I sense a shift in the way European institutions in particular are looking at the issue of policy and FTTH deployment incentives.
In North America, there's a clear trope that says that the only policy that will spur on FTTH investment is a guaranteed regulatory holiday. It seems to me to be a somewhat inverted view but it goes something like this: Verizon was given a regulatory holiday on FTTH, Verizon invested in FTTH hence Regularory Holidays drive FTTH deployment.
Of course, it's at the very least a shortcut. Verizon's incentive didn't come from the regulatory holiday. Verizon demanded a regulatory holiday for its FTTH plans, but the incentive was there already: they wanted to go after the cable-owned market of TV distribution. In other words, Verizon didn't invest in fiber because of the regulatory holiday, they invested in fiber because they had a solid business plan to do so (long-term though it may be). Once they had decided that this is what they wanted to do, they turned to the FCC and said "I'll only do this if you give me a regulatory holiday".
It's a classic confusion of causes and effects, but unfortunately, it has subsconsciously affected regulators and policy makers the world over. In Europe in particular, even though complete regulatory holidays remained unpalatable, there has been an unspoken view that since incumbents were the only ones with the financial capacity to invest in FTTH, they needed to be "given a break". Two examples:
- The French regulator didn't impose any form of open access, passive or active to incumbent France Telecom (or indeed any of the other FTTH-deploying operators) except for the in-building network sharing, and even that only came to be because Landlords pressured for it.
- The Spanish regulator gave an explicit regulatory holiday to Telefonica on any service delivering more than 30Mb/s under the pretence that since the market didn't exist yet, it didn't need to be competitive.
It's interesting to compare the effects of these two decisions: in France, deployment is happening (albeit slowly), in Spain it's not (with some minor exceptions). If the regulatory conditions were such an incentive, then surely that wouldn't be the case ?
The fact is that the regulatory conditions in France have very little bearing on France Telecom's decision to deploy. France Telecom decided to deploy for competitive reasons (just like Verizon) and then lobbied for favourable regulatory conditions (just like Verizon) and obtained them (just like Verizon). In Spain, Telefonica has neither competitive pressure nor new addressable market incentive to deploy, hence it's lack of enthusiasm no matter how favourable the regulatory conditions.
But if there is no cause and effect between regulatory conditions and investment incentive, isn't it time for regulators to reconsider their position? Admittedly, since 2008 there's been a lot of pressure from the governments and the markets to be nice to incumbents. As illustrated in France by the "suicide wave", incumbents are dinosaur structures that are struggling with transformation. When the economic situation is booming, they stay afloat, but when things go sour, they suffer more than others. Governments in Europe have acted to try and protect their incumbents.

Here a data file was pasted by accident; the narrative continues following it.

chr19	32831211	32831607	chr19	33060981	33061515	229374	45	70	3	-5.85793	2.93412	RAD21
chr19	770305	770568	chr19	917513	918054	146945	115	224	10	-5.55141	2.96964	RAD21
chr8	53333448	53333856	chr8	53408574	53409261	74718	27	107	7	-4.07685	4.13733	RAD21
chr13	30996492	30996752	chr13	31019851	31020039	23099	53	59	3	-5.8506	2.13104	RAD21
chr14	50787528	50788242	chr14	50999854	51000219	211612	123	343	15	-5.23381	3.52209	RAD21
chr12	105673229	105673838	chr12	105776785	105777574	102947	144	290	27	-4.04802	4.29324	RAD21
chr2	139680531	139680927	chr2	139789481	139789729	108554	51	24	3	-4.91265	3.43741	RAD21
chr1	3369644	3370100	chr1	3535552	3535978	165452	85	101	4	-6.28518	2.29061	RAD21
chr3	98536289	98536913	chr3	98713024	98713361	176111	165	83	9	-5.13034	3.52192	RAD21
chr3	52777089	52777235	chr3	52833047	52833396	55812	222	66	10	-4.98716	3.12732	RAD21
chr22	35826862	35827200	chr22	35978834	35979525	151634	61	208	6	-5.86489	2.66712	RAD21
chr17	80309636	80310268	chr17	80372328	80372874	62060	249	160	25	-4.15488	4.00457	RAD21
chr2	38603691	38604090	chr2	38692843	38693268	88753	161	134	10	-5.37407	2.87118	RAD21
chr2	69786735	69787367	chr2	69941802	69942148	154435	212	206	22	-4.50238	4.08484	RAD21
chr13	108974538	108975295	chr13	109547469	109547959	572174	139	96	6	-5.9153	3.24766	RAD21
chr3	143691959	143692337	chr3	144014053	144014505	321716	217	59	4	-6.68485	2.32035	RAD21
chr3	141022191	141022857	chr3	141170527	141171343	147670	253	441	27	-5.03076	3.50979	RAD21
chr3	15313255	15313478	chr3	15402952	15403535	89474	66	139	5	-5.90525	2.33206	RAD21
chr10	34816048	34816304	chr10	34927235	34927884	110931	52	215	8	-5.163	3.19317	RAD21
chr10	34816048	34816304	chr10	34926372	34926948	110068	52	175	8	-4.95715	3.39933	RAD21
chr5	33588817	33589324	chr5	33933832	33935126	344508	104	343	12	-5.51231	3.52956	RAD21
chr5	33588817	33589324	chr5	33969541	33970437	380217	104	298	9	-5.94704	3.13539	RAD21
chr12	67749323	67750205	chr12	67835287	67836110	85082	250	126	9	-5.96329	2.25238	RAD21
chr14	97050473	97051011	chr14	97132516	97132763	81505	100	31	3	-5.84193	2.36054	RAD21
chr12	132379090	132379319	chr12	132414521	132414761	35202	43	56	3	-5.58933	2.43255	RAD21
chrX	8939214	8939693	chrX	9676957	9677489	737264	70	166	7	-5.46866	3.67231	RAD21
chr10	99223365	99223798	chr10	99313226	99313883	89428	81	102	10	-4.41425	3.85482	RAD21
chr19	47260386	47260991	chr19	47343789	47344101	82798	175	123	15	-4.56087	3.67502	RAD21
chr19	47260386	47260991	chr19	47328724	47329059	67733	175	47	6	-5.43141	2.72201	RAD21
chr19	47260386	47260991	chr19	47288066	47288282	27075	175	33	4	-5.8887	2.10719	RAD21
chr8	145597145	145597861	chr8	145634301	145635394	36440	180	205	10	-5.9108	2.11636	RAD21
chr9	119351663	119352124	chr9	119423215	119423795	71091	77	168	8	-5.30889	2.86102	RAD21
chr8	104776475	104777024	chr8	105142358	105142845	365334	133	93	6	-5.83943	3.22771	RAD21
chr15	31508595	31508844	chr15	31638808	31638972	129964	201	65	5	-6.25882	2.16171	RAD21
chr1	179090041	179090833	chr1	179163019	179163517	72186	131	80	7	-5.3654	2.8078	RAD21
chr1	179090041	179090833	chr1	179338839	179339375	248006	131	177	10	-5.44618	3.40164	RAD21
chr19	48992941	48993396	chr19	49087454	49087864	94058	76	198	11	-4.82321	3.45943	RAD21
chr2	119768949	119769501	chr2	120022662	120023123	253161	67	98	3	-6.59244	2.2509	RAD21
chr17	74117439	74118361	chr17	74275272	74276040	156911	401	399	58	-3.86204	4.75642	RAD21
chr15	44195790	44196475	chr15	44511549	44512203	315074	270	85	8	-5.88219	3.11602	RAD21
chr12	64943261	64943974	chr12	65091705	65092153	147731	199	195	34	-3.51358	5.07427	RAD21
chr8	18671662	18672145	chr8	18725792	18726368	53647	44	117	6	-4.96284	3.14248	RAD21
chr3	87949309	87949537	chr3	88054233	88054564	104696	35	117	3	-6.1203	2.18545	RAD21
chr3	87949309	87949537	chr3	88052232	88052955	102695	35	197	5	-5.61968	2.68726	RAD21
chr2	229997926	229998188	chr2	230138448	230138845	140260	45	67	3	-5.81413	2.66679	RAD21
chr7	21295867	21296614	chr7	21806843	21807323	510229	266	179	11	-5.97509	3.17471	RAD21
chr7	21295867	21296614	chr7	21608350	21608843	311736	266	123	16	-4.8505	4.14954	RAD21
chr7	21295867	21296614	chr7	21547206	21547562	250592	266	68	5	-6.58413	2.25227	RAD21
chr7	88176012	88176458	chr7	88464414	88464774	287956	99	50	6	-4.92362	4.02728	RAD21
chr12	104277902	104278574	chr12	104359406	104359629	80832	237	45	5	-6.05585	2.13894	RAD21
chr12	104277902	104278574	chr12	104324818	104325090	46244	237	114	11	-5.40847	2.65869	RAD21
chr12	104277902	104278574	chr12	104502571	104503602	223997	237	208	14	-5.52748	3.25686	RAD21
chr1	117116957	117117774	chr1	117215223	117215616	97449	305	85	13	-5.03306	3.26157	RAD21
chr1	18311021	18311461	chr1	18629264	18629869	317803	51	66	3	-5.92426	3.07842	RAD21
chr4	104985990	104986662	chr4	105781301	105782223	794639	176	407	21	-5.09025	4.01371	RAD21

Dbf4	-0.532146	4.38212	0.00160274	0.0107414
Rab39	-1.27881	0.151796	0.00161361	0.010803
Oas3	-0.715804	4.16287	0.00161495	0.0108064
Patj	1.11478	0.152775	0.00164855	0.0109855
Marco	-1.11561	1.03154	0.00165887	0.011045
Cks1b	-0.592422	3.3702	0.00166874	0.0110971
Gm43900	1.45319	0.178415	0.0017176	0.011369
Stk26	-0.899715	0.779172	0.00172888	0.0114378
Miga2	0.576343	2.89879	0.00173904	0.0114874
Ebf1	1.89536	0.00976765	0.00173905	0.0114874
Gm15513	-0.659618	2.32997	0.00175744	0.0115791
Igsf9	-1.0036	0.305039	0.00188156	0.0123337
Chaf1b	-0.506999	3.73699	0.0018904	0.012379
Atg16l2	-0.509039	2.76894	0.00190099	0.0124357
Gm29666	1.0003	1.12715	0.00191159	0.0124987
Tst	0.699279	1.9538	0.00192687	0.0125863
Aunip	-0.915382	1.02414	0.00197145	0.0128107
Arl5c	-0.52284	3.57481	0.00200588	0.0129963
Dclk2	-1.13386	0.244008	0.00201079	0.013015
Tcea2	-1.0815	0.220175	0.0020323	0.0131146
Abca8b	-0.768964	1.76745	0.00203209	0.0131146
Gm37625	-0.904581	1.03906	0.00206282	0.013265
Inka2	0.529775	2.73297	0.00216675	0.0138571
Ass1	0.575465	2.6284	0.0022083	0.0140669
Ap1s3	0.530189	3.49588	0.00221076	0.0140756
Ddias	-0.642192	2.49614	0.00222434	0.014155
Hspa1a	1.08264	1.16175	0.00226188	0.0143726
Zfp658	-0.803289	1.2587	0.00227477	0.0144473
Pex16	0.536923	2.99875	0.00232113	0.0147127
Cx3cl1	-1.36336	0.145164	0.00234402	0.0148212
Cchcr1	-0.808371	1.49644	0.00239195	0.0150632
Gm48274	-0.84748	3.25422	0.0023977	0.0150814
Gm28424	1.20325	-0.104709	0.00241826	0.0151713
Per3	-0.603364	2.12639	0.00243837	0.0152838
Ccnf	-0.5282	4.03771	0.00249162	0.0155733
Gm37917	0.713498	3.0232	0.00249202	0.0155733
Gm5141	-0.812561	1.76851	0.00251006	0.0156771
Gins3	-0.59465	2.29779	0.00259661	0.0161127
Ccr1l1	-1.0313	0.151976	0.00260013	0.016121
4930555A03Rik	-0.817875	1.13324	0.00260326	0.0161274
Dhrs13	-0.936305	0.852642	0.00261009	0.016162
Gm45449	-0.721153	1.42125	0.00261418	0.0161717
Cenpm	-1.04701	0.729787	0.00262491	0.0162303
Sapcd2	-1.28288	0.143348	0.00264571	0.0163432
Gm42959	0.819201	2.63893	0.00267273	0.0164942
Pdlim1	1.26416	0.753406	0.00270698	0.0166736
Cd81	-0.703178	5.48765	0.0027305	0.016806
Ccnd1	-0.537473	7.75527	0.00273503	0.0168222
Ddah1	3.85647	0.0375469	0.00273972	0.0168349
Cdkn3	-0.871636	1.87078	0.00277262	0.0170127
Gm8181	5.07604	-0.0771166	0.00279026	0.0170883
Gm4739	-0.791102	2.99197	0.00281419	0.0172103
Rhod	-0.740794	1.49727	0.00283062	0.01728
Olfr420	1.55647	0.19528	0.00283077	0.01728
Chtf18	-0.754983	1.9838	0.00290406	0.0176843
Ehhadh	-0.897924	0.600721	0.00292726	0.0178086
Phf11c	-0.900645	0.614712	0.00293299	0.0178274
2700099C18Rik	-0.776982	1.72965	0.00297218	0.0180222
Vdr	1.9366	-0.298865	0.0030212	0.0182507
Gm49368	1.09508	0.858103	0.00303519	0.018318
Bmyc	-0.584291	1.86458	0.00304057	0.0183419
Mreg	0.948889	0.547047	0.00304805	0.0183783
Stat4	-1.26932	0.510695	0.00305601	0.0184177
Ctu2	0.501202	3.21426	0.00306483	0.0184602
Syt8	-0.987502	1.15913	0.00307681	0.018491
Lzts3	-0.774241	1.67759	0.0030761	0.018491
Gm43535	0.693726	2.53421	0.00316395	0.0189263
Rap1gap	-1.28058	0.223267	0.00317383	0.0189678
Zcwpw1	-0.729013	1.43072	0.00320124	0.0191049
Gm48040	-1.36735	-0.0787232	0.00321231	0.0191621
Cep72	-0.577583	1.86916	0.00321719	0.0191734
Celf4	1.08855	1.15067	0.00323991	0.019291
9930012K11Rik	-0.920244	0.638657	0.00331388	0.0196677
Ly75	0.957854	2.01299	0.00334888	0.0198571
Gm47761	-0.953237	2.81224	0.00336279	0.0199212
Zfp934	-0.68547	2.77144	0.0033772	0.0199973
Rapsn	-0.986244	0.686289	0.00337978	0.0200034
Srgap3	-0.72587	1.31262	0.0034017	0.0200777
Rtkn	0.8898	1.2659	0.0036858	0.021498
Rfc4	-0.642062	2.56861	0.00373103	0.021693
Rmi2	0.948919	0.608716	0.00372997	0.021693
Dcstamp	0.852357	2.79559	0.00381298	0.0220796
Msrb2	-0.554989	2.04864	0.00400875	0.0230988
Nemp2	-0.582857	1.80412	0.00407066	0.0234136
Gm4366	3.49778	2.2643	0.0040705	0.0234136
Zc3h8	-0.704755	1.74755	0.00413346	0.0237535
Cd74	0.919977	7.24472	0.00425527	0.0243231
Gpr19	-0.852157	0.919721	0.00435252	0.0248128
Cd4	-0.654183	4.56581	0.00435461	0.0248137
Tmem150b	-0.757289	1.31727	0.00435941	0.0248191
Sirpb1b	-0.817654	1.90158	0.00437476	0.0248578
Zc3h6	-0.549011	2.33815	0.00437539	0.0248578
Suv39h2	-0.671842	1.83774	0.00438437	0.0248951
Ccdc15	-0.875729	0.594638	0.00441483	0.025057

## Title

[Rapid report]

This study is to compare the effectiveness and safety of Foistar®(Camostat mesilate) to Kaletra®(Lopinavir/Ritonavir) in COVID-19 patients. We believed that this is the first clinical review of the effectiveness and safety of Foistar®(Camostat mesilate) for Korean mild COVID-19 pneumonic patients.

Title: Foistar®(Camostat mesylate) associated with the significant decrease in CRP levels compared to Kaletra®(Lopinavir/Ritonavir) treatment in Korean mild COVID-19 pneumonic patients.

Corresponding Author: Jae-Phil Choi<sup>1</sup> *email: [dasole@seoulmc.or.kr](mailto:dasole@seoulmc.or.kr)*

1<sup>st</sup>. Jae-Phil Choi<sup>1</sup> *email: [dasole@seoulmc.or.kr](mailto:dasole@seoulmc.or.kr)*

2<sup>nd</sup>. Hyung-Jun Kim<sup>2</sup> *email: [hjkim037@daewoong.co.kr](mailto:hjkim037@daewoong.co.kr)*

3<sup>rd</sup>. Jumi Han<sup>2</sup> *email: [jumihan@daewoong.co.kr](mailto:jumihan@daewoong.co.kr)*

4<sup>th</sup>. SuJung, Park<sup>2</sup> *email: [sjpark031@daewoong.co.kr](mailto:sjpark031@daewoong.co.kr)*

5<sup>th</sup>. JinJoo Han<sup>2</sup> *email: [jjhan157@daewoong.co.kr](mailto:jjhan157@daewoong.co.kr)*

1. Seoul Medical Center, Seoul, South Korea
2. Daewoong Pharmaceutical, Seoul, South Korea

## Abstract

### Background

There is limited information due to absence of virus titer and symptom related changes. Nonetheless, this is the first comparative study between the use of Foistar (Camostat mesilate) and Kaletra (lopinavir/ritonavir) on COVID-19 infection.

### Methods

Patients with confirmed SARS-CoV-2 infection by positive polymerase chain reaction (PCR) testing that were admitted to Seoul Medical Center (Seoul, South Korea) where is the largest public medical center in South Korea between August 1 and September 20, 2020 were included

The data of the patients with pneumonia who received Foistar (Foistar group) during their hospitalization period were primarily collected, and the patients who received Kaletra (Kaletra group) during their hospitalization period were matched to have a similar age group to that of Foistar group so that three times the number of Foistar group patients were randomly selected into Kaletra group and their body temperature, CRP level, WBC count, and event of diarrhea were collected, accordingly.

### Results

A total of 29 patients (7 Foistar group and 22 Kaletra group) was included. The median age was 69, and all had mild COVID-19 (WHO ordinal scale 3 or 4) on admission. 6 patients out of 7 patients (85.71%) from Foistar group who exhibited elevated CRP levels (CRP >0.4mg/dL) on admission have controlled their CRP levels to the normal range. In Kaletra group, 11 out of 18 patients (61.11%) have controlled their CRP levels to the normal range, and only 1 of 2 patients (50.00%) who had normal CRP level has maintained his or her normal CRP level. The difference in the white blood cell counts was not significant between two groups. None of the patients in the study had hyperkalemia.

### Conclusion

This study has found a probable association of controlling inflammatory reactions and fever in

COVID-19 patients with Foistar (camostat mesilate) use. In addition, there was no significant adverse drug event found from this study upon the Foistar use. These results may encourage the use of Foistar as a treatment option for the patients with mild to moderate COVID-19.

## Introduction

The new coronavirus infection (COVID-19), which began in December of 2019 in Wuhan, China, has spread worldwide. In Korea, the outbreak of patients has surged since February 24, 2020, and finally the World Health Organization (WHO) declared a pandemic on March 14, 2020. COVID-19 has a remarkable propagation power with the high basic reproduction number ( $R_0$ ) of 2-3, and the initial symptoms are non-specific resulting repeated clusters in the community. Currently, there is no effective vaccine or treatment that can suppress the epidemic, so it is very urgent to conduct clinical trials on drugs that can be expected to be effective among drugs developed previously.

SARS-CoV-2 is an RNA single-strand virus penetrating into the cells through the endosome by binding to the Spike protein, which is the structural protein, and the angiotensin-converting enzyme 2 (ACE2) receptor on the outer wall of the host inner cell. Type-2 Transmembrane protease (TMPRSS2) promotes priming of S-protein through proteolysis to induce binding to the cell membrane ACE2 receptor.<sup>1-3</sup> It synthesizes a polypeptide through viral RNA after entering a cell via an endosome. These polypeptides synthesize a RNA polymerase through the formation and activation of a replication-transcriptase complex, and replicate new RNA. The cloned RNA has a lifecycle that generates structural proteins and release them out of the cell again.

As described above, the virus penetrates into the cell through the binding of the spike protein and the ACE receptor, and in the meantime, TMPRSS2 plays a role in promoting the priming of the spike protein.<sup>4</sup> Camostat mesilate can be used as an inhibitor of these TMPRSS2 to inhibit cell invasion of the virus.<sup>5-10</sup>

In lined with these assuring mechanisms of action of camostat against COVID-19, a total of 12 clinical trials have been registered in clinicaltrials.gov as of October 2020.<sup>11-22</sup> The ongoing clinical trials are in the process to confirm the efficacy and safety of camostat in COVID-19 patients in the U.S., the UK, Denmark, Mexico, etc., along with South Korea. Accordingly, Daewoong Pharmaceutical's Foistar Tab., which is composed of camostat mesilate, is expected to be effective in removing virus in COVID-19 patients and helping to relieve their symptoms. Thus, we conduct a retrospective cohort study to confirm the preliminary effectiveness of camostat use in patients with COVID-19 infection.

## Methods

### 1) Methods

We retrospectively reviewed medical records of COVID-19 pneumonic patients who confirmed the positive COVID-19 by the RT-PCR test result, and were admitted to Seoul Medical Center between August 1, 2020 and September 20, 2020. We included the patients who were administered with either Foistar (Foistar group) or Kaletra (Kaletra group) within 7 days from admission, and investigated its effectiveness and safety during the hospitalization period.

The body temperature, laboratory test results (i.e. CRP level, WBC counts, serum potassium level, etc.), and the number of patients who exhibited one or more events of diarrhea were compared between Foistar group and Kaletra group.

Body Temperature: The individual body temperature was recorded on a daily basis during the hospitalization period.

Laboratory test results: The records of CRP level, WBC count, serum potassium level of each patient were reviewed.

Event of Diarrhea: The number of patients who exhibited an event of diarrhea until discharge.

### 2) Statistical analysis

The fact is though that the favourable regulatory conditions in Europe for incumbents have not spurred on FTTx investment. In the few countries where FTTx is being deployed, the causes are a combination of competitive pressure and government money. The policy track taken, it seems to me, has largely failed.
I see an illustration of a growing awareness of this failure at EU level in the State Aid conditions that were published late last year. These conditions gave more leeway to public authorities in investing in next-generation infrastructure when private operators aren't. Why? Because local authorities can represent a form of competition to operators. It's an incentive shift. My understanding of it is "We gave you a good deal, you didn't take it, now we'll give your potential competitors a good deal."
My guess is it's not going far enough yet. I'm involved with a few local governments looking into this and believe me, the hurdles to a simple deployment are staggering. If local governments are to be encouraged to look into filling the market gap themselves, the Commission needs to do a number of things:
- They need to define Next-Generation Access more stringently. The commission understandably wants to steer clear of technology choices, but imposing minimal upload and download rates for the access line should be a minimum, and these should be significantly higher than what ADSL2+ offers. Incidentally, there should also be some thought devoted to the differences between what vendors promise and what technologies deliver...
- They need to define coverage more accurately. Coverage (existing or planned) is only based on service provider declarations, usually at a high level of geographic aggregation. Business and residential coverage are also not distinguished even though needs are evidently different.
- The need to be explicit as to the information that a service provider needs to present to prove deployment plans. The burden of proof is on them, but what exactly is expected of a service provider?
Interestingly, I'm told (because I haven't read it myself yet) that the FCC Broadband Plan includes a recommendation that a Federal law allow municipalities in the US to invest in fiber infrastructure even if State law forbids it. This would have to pass through Congress, so is by no means a guarantee, but it's recognition from the US regulator at least that some form of competitive play is the only thing that spurs on investment in networks...